Joss Research: Vacuum: A New Manifold for the Roughing Pump


A Joss Research Institute Informal Report:

Construction of a New Roughing Manifold





(09 January, 2010, ff)

I am debugging a hollow-cathode laser head that I recently built, and having some trouble getting it to pump down to a suitable level. A good part of this appears to be an outgassing issue; silicone rubber caulk may not be particularly suitable for vacuum use, even at the minimal vacuum levels involved here. I have constructed a new active section for the laser, with epoxy joints; but in the meanwhile I also wanted to improve the performance of our little vacuum system in a general sense, and to change the manifold from a tangle of polyethylene tubes to something more recognizable. The poly tubing, on its own, pumped down to about 60 mTorr, which is not much of a vacuum even with just a forepump. (I have seen this pump reach 2 mTorr on the bench, running straight into a thermocouple gauge.)

Here are two photos, showing the initial version, before I added a connection to the laser:

           

(The Baratron tube [grayish blue cylinder with narrow red and silver band] is resting on a gray box that is not part of the system, and can be ignored. The dark brown device at the upper right, across from the Baratron and connected to the same small tee fitting, is a thermocouple gauge tube. The transparent hose at lower left goes to the vacuum pump; the red handle in line with it operates the ball valve that serves as the main shutoff for the system.)

The connection for the laser will be added to the pipe cap that is at the right end of the manifold in the second photo. [NOTE, added later: That’s what I originally thought. See below for the way I changed my mind.]

As of the evening of January 9, 2010, this manifold appears to pump down to 75-80 mTorr, but there is still one largish leak that I am aware of. It is on the part that I will have to remove in order to make a place to connect the laser, so I am not putting epoxy over it [yet], and I hope to put a stop to it when I reinstall the part. There are other leaks, but they seem to be fairly small.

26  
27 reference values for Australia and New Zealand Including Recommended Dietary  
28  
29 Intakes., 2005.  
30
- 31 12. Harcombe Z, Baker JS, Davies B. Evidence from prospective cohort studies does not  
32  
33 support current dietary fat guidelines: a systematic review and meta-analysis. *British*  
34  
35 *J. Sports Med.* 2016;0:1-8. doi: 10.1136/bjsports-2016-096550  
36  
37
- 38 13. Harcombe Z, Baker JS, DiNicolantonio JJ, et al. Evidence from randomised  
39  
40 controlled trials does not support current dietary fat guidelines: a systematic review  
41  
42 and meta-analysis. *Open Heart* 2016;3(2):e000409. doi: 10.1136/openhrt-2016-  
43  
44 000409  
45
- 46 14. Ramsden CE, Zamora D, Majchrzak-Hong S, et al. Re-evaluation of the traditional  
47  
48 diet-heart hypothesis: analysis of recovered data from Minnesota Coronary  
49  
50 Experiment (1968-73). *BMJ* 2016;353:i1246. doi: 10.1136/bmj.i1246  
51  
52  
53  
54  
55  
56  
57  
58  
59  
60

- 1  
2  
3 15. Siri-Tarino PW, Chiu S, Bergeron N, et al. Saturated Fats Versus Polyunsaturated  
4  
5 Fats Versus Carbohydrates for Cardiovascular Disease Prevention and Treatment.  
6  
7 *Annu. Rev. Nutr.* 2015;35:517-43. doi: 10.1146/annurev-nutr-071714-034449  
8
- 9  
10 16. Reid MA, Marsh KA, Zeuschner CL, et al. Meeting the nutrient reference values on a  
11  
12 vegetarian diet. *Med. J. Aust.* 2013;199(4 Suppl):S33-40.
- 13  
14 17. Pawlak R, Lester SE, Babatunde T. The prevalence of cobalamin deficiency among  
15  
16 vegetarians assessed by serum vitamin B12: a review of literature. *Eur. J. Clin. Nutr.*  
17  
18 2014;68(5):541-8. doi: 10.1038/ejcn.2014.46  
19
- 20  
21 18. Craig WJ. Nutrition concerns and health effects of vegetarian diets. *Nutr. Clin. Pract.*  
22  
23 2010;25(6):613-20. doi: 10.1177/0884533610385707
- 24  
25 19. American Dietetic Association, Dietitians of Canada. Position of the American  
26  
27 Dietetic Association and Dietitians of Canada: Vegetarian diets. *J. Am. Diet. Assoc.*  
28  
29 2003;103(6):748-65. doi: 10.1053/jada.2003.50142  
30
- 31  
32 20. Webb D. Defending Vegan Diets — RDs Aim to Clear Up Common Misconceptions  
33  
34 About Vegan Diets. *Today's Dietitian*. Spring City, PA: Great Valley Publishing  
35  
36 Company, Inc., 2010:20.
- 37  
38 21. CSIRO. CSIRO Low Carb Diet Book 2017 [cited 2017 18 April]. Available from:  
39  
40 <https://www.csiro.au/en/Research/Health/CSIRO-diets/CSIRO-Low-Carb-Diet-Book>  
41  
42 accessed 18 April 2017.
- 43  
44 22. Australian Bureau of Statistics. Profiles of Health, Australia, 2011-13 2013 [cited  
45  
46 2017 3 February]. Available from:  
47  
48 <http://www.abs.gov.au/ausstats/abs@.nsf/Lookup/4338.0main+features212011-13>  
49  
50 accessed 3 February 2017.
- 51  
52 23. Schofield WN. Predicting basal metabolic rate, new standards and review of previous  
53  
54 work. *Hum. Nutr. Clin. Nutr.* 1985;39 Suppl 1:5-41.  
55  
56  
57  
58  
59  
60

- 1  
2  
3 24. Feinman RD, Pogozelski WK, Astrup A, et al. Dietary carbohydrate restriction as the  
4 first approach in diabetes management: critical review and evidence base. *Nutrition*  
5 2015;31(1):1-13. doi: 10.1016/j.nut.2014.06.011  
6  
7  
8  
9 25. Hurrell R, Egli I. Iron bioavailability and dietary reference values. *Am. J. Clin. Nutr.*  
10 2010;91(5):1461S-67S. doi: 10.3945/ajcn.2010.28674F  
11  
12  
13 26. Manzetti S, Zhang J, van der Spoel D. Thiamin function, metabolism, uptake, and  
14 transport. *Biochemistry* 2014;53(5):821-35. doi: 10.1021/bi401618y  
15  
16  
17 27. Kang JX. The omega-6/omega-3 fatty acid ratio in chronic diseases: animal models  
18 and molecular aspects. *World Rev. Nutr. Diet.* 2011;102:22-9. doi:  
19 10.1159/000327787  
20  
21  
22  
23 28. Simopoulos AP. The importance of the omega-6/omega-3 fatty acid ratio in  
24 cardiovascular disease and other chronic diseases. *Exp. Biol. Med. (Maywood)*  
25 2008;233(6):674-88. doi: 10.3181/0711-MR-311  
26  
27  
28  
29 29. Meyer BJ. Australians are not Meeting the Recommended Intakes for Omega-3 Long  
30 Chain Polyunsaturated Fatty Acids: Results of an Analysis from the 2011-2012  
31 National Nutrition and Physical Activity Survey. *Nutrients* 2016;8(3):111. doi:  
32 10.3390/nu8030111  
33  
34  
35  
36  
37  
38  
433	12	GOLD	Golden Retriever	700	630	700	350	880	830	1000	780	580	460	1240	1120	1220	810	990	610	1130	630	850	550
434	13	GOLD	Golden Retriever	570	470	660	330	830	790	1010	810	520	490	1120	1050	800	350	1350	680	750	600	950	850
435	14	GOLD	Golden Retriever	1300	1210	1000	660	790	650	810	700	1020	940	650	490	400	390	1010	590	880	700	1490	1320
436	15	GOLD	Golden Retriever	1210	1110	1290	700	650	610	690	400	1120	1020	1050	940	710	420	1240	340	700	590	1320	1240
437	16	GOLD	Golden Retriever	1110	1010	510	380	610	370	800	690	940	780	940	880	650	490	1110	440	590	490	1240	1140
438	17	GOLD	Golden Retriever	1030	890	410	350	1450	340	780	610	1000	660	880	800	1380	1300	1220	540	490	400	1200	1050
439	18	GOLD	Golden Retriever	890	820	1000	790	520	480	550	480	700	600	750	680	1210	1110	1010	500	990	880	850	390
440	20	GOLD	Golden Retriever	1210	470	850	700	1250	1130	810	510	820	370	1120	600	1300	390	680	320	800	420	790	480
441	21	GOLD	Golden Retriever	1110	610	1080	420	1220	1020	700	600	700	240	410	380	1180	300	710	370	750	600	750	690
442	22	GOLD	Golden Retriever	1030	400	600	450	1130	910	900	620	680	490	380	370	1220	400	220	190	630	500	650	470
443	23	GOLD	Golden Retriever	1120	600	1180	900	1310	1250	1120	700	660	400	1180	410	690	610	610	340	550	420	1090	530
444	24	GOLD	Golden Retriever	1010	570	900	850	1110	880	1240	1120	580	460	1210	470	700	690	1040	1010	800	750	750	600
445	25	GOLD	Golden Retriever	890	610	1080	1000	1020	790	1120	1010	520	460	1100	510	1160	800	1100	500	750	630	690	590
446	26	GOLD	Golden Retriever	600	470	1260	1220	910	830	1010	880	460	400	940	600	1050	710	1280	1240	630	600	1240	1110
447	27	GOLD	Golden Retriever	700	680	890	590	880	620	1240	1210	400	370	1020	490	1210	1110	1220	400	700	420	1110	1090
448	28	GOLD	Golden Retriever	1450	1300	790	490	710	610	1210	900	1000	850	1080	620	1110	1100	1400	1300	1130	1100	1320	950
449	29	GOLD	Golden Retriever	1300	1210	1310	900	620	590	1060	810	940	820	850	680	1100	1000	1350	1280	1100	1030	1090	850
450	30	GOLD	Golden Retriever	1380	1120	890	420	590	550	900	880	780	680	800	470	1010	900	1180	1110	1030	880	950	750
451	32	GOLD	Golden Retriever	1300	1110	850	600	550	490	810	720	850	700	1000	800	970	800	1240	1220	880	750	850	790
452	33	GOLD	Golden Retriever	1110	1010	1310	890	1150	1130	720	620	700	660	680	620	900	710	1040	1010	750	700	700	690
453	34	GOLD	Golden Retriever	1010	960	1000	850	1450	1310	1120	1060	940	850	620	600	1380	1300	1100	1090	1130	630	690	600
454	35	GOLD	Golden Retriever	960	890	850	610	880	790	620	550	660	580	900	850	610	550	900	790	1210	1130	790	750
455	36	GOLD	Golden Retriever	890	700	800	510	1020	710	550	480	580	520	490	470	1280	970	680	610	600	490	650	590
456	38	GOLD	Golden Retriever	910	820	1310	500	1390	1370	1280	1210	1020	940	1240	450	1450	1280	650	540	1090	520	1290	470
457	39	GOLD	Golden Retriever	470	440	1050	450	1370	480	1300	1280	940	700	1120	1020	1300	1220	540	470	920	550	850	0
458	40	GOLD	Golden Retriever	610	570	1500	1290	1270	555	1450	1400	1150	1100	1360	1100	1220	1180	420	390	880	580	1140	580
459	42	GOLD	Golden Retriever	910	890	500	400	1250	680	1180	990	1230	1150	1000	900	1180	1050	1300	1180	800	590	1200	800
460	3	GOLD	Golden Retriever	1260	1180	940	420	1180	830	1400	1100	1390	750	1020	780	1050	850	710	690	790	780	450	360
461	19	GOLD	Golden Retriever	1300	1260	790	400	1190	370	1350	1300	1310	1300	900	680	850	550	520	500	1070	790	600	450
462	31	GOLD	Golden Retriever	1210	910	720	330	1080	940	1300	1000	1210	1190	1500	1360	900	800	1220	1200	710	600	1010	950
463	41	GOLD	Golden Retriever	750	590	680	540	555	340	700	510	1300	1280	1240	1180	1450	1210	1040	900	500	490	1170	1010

Speaking of which:




Leaks, Part 1:

How to Find Them

(10 January, 2010, morning)

I want to talk about techniques for locating leaks in low-vacuum [roughing] systems. As DIYers, we don’t always get to use fancy parts and fittings (observe the components in the photos above!), and as a result we need to have ways of dealing with circumstances that are probably rare or even nonexistent in fully professional setups.

At the grossest level, a leak is audible. The ear, however, is large, and the leak is small, so it helps to get down to scale. I often use the hands-free attachment for my telephone for this, as the hole of the microphone is only about 1 mm across, and it is in a little plastic housing that is very maneuverable. I have a splendid application called “Spectrogram” on my iPhone, which lets me view the output of the microphone. Here is a photo of the screen (regrettably out of focus, my apologies; I should have done it as a screenshot), showing the microphone moving along part of the head until it encounters a very large leak: